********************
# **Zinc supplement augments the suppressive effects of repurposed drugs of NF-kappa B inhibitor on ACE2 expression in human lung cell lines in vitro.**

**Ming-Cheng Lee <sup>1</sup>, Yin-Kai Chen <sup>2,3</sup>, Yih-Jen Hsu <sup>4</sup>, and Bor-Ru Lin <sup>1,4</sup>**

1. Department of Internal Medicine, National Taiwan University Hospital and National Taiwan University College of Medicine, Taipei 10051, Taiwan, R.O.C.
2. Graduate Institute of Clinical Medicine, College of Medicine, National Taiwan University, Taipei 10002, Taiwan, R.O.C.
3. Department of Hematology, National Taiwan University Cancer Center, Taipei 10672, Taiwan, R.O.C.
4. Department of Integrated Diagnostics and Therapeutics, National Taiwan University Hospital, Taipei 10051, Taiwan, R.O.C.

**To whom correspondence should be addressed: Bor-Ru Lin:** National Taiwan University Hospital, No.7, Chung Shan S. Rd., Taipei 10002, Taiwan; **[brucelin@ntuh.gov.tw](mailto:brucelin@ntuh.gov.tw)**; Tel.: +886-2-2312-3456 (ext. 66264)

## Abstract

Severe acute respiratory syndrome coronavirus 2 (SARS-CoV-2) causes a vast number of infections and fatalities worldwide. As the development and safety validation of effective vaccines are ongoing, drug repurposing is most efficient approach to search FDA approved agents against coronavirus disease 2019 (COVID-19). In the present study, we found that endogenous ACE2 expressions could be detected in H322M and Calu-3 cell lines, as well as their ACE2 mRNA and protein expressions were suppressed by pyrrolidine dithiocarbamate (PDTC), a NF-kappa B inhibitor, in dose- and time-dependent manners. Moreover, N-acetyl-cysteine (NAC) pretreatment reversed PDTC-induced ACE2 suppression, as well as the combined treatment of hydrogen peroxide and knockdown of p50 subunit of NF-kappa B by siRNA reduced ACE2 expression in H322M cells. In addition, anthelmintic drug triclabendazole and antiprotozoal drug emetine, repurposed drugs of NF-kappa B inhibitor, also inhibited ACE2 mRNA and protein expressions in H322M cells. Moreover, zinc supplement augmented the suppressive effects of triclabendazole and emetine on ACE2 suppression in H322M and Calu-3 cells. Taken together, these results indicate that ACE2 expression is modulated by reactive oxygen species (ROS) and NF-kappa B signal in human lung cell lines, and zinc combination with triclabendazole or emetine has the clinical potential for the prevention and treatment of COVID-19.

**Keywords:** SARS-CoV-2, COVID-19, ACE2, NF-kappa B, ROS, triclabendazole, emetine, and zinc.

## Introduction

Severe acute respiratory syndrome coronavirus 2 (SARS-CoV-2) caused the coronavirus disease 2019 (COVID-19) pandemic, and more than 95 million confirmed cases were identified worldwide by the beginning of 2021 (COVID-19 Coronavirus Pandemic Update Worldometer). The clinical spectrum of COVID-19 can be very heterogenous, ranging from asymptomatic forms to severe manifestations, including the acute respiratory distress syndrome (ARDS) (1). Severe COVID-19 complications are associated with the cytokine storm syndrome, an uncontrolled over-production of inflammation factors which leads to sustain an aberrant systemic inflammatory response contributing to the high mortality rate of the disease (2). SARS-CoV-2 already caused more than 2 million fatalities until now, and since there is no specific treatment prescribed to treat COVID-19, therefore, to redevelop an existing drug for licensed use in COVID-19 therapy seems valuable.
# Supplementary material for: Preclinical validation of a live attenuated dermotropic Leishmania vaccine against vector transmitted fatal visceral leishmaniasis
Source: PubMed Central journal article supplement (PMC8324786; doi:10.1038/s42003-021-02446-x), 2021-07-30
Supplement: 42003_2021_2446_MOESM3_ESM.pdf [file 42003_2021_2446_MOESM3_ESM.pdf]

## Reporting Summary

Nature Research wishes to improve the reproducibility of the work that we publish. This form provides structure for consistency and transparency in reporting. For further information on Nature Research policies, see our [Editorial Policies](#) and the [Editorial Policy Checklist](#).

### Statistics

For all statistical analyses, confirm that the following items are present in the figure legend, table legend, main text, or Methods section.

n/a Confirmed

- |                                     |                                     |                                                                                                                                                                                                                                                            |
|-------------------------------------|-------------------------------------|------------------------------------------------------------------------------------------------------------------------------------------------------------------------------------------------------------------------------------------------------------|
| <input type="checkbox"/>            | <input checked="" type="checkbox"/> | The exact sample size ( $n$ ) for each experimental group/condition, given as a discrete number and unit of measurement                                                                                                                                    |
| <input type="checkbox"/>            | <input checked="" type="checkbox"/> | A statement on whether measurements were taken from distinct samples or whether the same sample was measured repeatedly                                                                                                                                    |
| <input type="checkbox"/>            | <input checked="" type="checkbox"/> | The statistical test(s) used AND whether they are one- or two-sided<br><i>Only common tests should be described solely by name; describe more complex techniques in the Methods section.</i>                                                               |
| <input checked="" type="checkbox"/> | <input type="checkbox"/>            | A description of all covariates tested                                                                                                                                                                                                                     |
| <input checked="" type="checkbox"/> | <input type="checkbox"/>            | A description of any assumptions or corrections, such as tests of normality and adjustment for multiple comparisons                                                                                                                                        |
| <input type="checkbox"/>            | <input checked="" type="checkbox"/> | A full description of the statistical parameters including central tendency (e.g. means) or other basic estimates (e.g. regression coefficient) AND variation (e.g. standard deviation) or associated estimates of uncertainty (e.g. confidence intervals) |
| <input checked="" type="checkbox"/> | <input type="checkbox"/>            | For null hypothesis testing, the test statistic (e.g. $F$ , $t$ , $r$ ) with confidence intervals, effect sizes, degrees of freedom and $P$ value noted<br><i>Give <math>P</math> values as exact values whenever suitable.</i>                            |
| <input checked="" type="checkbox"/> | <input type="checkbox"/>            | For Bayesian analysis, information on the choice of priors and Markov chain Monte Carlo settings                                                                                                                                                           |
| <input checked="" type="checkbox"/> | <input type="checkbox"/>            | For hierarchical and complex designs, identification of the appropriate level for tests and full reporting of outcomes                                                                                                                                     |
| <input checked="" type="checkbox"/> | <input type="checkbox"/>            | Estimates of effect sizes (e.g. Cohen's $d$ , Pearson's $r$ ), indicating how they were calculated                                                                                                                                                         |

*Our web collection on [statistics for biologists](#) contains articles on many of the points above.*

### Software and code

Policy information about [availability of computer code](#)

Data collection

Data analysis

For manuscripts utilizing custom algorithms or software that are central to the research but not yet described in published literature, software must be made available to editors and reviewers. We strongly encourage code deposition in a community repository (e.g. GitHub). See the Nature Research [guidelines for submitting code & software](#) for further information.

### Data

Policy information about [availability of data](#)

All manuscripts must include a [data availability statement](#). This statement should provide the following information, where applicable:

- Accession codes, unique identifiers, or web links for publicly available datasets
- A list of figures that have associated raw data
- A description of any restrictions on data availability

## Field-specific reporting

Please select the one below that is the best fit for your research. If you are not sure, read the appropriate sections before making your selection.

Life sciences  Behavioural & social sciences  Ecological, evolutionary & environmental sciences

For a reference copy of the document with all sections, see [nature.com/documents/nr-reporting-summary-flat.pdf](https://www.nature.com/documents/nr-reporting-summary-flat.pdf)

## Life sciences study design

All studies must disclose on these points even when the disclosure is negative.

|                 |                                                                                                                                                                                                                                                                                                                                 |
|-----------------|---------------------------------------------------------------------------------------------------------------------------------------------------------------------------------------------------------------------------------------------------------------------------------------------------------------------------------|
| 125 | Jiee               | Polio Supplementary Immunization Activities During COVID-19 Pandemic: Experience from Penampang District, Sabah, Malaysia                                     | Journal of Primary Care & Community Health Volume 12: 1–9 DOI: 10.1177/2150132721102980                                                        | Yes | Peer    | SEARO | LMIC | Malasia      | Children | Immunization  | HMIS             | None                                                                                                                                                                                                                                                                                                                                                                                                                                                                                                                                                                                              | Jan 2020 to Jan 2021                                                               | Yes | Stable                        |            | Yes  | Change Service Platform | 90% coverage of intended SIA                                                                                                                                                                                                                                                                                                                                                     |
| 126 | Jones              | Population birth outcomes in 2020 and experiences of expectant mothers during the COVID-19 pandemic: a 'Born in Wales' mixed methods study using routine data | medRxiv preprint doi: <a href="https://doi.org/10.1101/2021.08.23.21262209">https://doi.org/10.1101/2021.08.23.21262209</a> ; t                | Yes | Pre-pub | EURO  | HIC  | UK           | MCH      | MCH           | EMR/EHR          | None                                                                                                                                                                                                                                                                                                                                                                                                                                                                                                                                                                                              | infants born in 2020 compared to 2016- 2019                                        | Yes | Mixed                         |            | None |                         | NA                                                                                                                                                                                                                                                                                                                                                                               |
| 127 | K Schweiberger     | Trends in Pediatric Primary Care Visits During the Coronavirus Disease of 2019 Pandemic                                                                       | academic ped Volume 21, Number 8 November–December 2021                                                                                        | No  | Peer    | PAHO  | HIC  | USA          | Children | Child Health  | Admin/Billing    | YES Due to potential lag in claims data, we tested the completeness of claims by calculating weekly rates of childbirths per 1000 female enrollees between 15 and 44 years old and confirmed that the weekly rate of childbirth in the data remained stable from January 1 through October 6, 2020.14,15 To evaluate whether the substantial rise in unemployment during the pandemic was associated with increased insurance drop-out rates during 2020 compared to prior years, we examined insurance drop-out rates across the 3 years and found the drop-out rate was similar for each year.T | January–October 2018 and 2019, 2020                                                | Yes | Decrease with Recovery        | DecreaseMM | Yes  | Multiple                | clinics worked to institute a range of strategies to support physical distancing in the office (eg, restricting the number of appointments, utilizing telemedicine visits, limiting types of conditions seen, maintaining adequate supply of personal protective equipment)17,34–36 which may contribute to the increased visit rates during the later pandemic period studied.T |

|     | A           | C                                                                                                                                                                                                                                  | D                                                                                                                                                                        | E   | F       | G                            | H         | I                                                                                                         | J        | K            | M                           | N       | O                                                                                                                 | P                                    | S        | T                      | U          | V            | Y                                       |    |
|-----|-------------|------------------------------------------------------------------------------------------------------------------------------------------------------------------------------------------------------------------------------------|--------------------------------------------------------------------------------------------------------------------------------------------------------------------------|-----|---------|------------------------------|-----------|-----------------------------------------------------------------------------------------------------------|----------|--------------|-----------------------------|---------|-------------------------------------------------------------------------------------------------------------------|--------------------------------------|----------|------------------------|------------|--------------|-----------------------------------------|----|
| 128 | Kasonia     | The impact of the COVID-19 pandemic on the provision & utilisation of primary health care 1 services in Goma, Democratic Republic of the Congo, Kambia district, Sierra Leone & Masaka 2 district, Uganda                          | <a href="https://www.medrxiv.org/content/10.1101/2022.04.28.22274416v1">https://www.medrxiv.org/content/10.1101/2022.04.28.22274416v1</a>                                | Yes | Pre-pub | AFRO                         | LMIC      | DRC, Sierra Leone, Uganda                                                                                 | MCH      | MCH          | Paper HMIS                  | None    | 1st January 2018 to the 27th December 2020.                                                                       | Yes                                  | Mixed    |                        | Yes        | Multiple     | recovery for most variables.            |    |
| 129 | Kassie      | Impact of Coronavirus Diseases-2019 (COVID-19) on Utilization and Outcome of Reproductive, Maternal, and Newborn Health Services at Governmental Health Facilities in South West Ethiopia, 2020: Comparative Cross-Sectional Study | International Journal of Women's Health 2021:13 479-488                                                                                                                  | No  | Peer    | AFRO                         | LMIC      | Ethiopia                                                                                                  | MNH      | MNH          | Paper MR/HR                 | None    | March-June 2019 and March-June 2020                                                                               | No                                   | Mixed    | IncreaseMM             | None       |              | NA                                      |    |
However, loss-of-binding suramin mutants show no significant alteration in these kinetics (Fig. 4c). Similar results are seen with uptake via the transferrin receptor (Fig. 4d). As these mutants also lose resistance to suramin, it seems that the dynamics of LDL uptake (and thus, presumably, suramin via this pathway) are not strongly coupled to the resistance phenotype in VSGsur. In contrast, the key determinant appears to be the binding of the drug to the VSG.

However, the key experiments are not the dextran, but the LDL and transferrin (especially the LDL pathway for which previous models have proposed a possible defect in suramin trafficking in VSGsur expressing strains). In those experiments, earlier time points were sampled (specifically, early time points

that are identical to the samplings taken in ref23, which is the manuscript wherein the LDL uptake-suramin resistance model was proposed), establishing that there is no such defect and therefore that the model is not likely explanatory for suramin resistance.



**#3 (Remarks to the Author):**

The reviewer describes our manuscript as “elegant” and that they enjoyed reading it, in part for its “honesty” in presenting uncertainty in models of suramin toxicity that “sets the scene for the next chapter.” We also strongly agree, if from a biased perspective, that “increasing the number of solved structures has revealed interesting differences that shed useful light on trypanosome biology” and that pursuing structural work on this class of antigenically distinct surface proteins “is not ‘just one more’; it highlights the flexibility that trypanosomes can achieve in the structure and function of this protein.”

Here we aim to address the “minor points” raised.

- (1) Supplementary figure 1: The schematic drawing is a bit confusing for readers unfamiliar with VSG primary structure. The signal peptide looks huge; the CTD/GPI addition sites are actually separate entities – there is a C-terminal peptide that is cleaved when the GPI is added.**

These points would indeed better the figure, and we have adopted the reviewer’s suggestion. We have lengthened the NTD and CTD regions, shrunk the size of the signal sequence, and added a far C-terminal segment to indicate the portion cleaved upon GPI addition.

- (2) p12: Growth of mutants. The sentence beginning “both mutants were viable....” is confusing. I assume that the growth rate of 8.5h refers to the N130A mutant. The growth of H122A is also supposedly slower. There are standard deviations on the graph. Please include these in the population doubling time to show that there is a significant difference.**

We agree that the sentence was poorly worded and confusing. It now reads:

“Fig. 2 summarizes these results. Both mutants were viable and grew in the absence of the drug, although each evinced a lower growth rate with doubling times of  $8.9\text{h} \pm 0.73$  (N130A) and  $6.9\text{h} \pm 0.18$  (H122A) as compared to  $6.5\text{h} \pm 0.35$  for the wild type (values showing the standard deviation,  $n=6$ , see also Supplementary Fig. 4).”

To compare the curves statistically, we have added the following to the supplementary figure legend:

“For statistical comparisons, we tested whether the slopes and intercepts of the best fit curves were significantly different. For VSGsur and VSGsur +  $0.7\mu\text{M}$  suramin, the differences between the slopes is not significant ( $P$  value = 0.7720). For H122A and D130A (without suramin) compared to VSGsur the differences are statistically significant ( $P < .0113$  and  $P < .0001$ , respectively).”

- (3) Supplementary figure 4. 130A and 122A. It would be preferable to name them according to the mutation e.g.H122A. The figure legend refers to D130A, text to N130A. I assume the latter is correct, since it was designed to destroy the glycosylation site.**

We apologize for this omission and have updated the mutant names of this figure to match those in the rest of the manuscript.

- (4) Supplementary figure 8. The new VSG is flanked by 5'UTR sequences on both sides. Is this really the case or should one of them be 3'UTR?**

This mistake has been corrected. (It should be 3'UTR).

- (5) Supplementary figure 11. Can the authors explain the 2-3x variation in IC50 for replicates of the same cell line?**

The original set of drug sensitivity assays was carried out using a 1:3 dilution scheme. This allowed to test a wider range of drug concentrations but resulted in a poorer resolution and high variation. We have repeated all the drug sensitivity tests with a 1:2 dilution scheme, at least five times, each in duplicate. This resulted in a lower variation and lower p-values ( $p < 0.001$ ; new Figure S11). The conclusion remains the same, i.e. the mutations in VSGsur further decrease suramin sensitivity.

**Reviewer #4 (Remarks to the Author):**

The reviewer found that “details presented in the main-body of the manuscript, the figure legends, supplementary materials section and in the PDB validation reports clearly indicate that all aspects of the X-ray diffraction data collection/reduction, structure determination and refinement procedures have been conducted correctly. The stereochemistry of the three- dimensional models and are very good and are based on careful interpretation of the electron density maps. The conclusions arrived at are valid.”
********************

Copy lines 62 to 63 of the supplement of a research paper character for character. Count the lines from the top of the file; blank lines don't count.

that are identical to the samplings taken in ref23, which is the manuscript wherein the LDL uptake-suramin resistance model was proposed), establishing that there is no such defect and therefore that the model is not likely explanatory for suramin resistance.



**#3 (Remarks to the Author):**